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Farm auction tradition radically changed by lockdown

Ron Walter reminisces about a favourite activity.
Trading Thoughts by Ron Walter

Farm auctions have been around for 2,000 years.

In those two millennia, farm auctions have become a common method to quickly sell farm equipment, tools and all the stuff a farmer accumulates during decades of tilling the soil.

Farm auctions became a social event as well as a merchandising technique.

The auction brought together neighbours from the community, and when transportation improved, from other communities to bid on the items on the block and to socialize.

The gathering gave people an opportunity to mingle and visit and relieve some of the stress associated with remote rural life.

For some neighbours, it was a chance to see just what the farmers had in their possessions.

Serious buyers looked to fill needs or for bargains. Others sought small tools and household treasures — things often sold in a mystery box of items.

Food has always been a focus of farm auctions. The event runs into the afternoon. Preparing and selling food was usually done by  the local ladies club, 4-H or community club.

When no such organization was available the auctioneer provided the service. Switzer Auctions had a woman who made awesome cream pie and lemon pie.

I recall meeting a woman who was a little girl at my grandfather’s auction sale in the 1940s. His only memory was a tub filled with sandwiches.

A friend and I used to attend several farm auctions every year,  coming home with treasures — junk according to my partner/wife.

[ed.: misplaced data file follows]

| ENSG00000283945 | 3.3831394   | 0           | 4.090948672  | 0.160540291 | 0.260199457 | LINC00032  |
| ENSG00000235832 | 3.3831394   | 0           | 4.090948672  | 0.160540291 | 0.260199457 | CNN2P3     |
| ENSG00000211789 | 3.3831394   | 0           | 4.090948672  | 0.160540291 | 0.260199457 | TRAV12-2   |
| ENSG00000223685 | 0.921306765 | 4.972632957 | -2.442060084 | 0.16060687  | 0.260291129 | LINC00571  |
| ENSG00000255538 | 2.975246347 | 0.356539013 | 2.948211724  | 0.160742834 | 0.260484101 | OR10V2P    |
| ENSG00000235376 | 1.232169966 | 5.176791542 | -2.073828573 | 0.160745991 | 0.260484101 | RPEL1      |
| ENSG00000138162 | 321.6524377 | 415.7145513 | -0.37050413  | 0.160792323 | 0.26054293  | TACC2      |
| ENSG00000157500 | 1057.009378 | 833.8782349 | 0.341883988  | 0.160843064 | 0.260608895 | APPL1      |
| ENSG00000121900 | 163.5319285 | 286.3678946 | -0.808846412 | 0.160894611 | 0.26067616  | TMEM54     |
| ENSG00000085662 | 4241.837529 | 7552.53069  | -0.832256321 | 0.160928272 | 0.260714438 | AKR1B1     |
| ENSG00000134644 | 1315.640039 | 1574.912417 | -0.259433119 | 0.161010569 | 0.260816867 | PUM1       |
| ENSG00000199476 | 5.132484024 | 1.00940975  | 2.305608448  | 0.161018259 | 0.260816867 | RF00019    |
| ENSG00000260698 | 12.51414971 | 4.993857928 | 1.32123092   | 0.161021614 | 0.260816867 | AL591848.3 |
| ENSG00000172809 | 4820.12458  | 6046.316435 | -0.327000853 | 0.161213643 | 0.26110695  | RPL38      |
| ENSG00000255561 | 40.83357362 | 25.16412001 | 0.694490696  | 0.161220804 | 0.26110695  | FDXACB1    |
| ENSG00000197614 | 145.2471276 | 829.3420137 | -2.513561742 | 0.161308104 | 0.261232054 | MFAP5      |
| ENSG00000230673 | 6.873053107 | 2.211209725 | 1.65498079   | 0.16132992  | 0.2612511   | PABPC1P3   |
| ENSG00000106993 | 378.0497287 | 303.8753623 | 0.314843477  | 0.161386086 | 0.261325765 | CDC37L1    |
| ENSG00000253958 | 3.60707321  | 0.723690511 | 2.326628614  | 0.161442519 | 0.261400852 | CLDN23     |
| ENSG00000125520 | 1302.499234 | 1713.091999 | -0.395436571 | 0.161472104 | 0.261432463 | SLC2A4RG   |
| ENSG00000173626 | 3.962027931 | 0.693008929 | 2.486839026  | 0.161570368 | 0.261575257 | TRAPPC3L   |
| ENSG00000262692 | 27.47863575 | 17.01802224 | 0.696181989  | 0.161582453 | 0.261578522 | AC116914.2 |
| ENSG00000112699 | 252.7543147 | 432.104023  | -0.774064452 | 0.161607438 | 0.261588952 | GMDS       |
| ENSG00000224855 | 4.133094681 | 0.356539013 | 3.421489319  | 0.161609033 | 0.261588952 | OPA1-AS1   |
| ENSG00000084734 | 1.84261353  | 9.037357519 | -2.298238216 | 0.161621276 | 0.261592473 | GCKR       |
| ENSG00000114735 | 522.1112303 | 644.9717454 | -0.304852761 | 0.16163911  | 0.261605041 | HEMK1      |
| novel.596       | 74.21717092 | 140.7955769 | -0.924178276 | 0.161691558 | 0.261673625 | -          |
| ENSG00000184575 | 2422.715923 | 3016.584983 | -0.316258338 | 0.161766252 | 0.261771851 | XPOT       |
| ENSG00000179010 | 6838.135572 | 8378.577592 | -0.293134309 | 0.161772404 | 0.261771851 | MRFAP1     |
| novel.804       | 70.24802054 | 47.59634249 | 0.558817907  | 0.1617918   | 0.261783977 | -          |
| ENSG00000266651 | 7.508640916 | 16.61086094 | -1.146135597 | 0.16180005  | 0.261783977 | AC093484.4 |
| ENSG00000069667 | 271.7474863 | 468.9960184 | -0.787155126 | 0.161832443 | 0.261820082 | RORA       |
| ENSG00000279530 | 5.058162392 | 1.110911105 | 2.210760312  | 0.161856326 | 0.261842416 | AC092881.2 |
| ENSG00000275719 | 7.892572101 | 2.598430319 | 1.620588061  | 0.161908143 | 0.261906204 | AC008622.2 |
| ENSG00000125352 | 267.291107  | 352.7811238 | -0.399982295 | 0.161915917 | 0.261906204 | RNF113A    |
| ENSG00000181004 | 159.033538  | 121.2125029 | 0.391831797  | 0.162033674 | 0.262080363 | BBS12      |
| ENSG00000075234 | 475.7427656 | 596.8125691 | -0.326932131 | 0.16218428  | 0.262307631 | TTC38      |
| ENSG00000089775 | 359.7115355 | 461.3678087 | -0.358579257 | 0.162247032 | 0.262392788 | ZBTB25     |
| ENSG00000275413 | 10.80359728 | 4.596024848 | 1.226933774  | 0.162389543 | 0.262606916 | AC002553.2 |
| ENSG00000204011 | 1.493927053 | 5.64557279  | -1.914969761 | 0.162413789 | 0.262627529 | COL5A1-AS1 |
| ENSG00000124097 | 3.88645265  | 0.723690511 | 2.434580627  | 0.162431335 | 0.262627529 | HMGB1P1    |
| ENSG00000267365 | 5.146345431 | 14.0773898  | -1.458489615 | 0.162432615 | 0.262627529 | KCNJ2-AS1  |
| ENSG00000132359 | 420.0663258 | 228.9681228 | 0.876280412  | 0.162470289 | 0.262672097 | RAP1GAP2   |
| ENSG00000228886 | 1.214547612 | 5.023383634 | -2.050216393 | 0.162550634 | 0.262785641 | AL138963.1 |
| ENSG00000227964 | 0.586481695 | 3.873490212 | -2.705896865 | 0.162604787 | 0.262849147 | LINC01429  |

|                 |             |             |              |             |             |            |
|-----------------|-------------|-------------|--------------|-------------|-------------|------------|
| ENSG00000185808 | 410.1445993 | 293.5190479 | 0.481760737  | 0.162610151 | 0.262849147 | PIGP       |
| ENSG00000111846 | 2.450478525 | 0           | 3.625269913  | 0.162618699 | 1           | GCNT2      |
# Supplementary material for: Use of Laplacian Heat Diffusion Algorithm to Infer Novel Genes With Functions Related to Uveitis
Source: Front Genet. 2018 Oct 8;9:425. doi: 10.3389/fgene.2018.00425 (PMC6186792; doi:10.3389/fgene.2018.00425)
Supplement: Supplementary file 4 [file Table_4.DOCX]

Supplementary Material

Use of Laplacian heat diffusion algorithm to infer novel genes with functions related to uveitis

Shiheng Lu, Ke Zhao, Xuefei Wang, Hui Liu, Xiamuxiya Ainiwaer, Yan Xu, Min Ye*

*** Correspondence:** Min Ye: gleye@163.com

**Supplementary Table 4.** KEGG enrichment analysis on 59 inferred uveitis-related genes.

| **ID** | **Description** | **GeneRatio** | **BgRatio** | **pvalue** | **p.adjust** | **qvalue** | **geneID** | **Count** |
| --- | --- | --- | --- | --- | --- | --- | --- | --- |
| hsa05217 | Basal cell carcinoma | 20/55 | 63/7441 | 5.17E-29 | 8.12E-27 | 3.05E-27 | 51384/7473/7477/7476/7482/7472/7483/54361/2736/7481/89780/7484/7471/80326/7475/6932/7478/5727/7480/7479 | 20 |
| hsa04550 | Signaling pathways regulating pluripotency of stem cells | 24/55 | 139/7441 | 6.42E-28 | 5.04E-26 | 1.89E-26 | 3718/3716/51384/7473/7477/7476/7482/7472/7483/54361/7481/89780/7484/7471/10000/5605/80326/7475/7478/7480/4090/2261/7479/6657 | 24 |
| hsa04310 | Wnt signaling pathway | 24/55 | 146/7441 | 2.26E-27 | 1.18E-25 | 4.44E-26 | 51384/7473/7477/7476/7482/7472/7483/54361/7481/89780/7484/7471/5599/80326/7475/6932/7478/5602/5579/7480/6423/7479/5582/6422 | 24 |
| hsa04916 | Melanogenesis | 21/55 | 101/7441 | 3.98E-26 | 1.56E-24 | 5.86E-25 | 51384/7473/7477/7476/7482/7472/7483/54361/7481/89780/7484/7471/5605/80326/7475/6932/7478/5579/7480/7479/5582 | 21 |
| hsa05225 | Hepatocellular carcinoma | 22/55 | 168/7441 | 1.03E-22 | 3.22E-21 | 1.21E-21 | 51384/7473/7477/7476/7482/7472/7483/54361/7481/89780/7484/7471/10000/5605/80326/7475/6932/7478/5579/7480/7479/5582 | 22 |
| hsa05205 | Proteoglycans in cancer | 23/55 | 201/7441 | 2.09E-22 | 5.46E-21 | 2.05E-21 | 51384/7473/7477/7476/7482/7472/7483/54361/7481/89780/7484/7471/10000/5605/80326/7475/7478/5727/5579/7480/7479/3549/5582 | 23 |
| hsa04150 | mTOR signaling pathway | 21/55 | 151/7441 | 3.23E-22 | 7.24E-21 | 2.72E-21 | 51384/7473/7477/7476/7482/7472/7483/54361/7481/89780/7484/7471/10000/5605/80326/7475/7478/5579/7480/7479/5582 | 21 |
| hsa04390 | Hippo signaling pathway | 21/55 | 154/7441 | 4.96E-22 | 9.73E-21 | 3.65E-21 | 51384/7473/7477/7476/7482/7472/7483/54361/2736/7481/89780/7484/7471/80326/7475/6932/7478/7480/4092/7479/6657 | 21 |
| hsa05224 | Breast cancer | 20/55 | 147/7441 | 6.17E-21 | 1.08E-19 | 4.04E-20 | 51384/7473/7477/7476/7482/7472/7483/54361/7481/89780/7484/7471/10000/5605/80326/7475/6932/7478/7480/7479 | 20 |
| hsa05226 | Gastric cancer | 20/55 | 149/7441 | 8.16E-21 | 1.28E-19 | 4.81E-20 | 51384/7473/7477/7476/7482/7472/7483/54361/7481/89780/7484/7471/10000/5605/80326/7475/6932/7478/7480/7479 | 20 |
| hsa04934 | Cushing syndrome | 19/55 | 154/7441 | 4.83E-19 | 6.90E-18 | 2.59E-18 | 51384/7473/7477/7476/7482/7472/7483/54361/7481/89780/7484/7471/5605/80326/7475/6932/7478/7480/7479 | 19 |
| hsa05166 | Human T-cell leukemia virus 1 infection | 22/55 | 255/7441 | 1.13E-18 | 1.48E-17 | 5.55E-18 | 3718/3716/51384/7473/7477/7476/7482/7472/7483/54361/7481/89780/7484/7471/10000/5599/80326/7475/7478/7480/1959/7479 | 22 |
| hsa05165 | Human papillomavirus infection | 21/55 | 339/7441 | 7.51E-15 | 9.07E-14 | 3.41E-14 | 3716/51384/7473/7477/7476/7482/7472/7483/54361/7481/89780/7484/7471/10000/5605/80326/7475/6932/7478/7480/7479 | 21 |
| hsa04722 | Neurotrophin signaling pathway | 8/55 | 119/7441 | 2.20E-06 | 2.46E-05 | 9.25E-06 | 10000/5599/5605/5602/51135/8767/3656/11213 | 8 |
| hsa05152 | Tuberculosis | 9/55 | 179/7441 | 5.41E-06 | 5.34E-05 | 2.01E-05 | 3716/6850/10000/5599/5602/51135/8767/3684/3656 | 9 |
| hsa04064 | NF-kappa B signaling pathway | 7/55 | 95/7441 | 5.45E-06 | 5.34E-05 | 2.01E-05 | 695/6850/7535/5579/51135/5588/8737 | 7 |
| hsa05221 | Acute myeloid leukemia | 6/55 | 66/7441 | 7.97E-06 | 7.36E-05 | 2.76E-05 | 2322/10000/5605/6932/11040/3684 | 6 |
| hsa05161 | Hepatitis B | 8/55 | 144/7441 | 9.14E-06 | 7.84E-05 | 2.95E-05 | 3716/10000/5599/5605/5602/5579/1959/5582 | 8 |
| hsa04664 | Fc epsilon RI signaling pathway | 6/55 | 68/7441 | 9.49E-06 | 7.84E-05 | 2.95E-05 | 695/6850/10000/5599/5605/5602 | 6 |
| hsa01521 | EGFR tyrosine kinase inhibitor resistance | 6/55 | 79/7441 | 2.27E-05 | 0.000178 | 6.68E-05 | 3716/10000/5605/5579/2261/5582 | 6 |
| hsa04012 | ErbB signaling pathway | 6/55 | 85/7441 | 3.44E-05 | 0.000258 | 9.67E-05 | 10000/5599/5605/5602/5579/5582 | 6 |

One of my most treasured finds was a box with old comics. Inside was a glass jar full of round blue tokens. Each was marked: Good for one pound of meat.

The tokens were used to ration meat during the two world wars. Rationing in the Second World War was by paper coupons. These could be from the 1914-1918 conflict.

All that social atmosphere from farm auctions  is now gone — victim of the pandemic lockdown.

Auction companies got around the lockdown by going totally online and have stayed that way.

Bidders register and bid online from the comfort of their homes. If they want to inspect the items on sale, they need to make an appointment to view them. And they can’t remove anything bought until after the auction.

The online auction is more cost-efficient for the auctioneer and less intrusive for the farmer selling out. One auction firm advertises 25,000 registered online bidders — can't beat that

No longer do crowds gather at the farm auctions — some attracted hundreds of folks.

There's no more need for food suppliers.

It’s all straight business now, ending 2,000 years of combined business and social activity. How sad.

Ron Walter can be reached at

The views and opinions expressed in this article are those of the author, and do not necessarily reflect the position of this publication. 

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